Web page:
Location: Systematic Entomology LaboratoryTitle: A molecular phylogeny for the pyraloid moths (Lepidoptera: Pyraloidea) and its implications for higher-level classification Author
Submitted to: Systematic Entomology
Publication Type: Peer Reviewed Journal
Publication Acceptance Date: 4/3/2012
Publication Date: 10/15/2012
Citation: Regier, J.C., Mitter, C.E., Solis, M.A., Hayden, J.E., Landry, B., Nuss, M., Simonsen, T.J. 2012. A molecular phylogeny for the pyraloid moths (Lepidoptera: Pyraloidea) and its implications for higher-level classification. Systematic Entomology. 37:635-656. Interpretive Summary: Snout moths include numerous major pests of crops, stored foodstuffs, forests and ornamental plants that cause millions of dollars of damage annually and require the use of insecticides and other expensive management practices. They are also tested and used as biological control agents against invasive plants. Knowledge of relationships among the species is critical to the identification and higher-level placement of species, and for developing effective strategies for their detection, exclusion, and control. In this paper we present the first detailed analyses of relationships among members of the superfamily based on molecular sequences. The two families, Pyralidae and Crambidae, are strongly supported, we identified a “wet-habitat clade” and a “mustard-oil clade” among 21 subfamilies of snout moths, and synonymized 3 subfamilies. This information will be of interest to evolutionary biologists, scientists involved in predicting geographical spread of invasive species, and other biologists interested in patterns of plant host-use.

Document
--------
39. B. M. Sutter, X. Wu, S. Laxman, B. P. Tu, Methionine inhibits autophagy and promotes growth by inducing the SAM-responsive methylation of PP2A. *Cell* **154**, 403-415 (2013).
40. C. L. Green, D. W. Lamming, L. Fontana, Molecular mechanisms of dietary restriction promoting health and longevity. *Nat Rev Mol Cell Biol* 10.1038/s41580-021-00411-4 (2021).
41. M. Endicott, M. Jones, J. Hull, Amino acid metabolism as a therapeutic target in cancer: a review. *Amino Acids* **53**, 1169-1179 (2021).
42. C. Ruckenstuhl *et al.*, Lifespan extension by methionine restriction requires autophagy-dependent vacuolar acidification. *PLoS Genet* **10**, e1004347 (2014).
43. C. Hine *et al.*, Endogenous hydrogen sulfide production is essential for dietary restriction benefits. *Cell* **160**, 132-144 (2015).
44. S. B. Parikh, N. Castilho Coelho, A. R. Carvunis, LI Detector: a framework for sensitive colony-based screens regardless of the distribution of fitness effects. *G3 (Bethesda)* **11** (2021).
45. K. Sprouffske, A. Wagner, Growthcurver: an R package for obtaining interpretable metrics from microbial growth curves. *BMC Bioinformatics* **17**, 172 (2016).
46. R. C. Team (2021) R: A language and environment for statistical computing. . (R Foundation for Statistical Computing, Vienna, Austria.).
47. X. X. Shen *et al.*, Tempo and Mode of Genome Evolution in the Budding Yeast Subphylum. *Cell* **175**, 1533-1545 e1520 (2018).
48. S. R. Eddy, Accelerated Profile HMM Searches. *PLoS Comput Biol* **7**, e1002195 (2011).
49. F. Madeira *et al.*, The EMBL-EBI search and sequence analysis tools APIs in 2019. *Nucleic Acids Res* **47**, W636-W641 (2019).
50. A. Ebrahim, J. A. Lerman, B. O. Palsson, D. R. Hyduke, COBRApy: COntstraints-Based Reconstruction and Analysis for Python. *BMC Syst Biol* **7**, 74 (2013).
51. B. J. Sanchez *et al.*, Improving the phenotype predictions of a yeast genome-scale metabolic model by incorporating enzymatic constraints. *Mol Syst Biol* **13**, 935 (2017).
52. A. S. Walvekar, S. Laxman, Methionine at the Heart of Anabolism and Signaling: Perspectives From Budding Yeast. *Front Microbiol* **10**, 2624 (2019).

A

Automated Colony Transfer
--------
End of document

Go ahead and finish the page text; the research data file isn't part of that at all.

Technical Abstract: Pyraloidea, one of the largest superfamilies of Lepidoptera, comprise more than 15,000 described species worldwide, including important pests, biological control agents and experimental models. Understanding of pyraloid phylogeny, the basis for a predictive classification, is currently provisional. We present the first detailed molecular estimate of relationships across the subfamilies of Pyraloidea, and assess its concordance with previous morphology-based hypotheses. We sequenced up to five nuclear genes (6,633 bp) in each of 42 pyraloids spanning both families and 21 of the 24 subfamilies, plus up to 14 additional genes, for a total of 14,826 bp, in 22 of those pyraloids plus all 24 outgroups. Maximum likelihood analyses yield trees that, within Pyraloidea, differ little among data sets and character treatments and are strongly supported at all levels of divergence (83% of nodes with bootstrap = 80%). Subfamily relationships within Pyralidae, all very strongly supported (>90% bootstrap), differ only slightly from a previous morphological analysis, and can be summarized as (((Galleriinae + Chrysauginae) (Phycitinae (Pyralinae + Epipaschiinae))). The main remaining uncertainty involves Chrysauginae, of which the poorly studied Australian genera may constitute the basal elements of Galleriinae + Chrysauginae or even of Pyralidae. In Crambidae, for which morphology has been much less informative, the molecular phylogeny is also strongly supported, but conflicts with most previous hypotheses. Among the newly-proposed groupings is a “wet-habitat clade” comprising Acentropinae + Schoenobiinae + Midilinae, and a provisional “mustard oil clade” containing Glaphyriinae, Evergestinae and Noordinae, in which the majority of described larvae feed on Brassicales. Within this clade a previous synonymy of Dichogaminae with the Glaphyriinae is supported. Evergestinae and Noordinae are here also newly synonymized with Glaphyriinae, which appear to be paraphyletic with respect to both. Pyraustinae and Spilomelinae as sampled here are each monophyletic but form a sister group pair. Wurthiinae, comprising the single genus Niphopyralis, which lives in ant nests, are closely related to, apparently subordinate within, and here newly synonymized with, Spilomeliinae.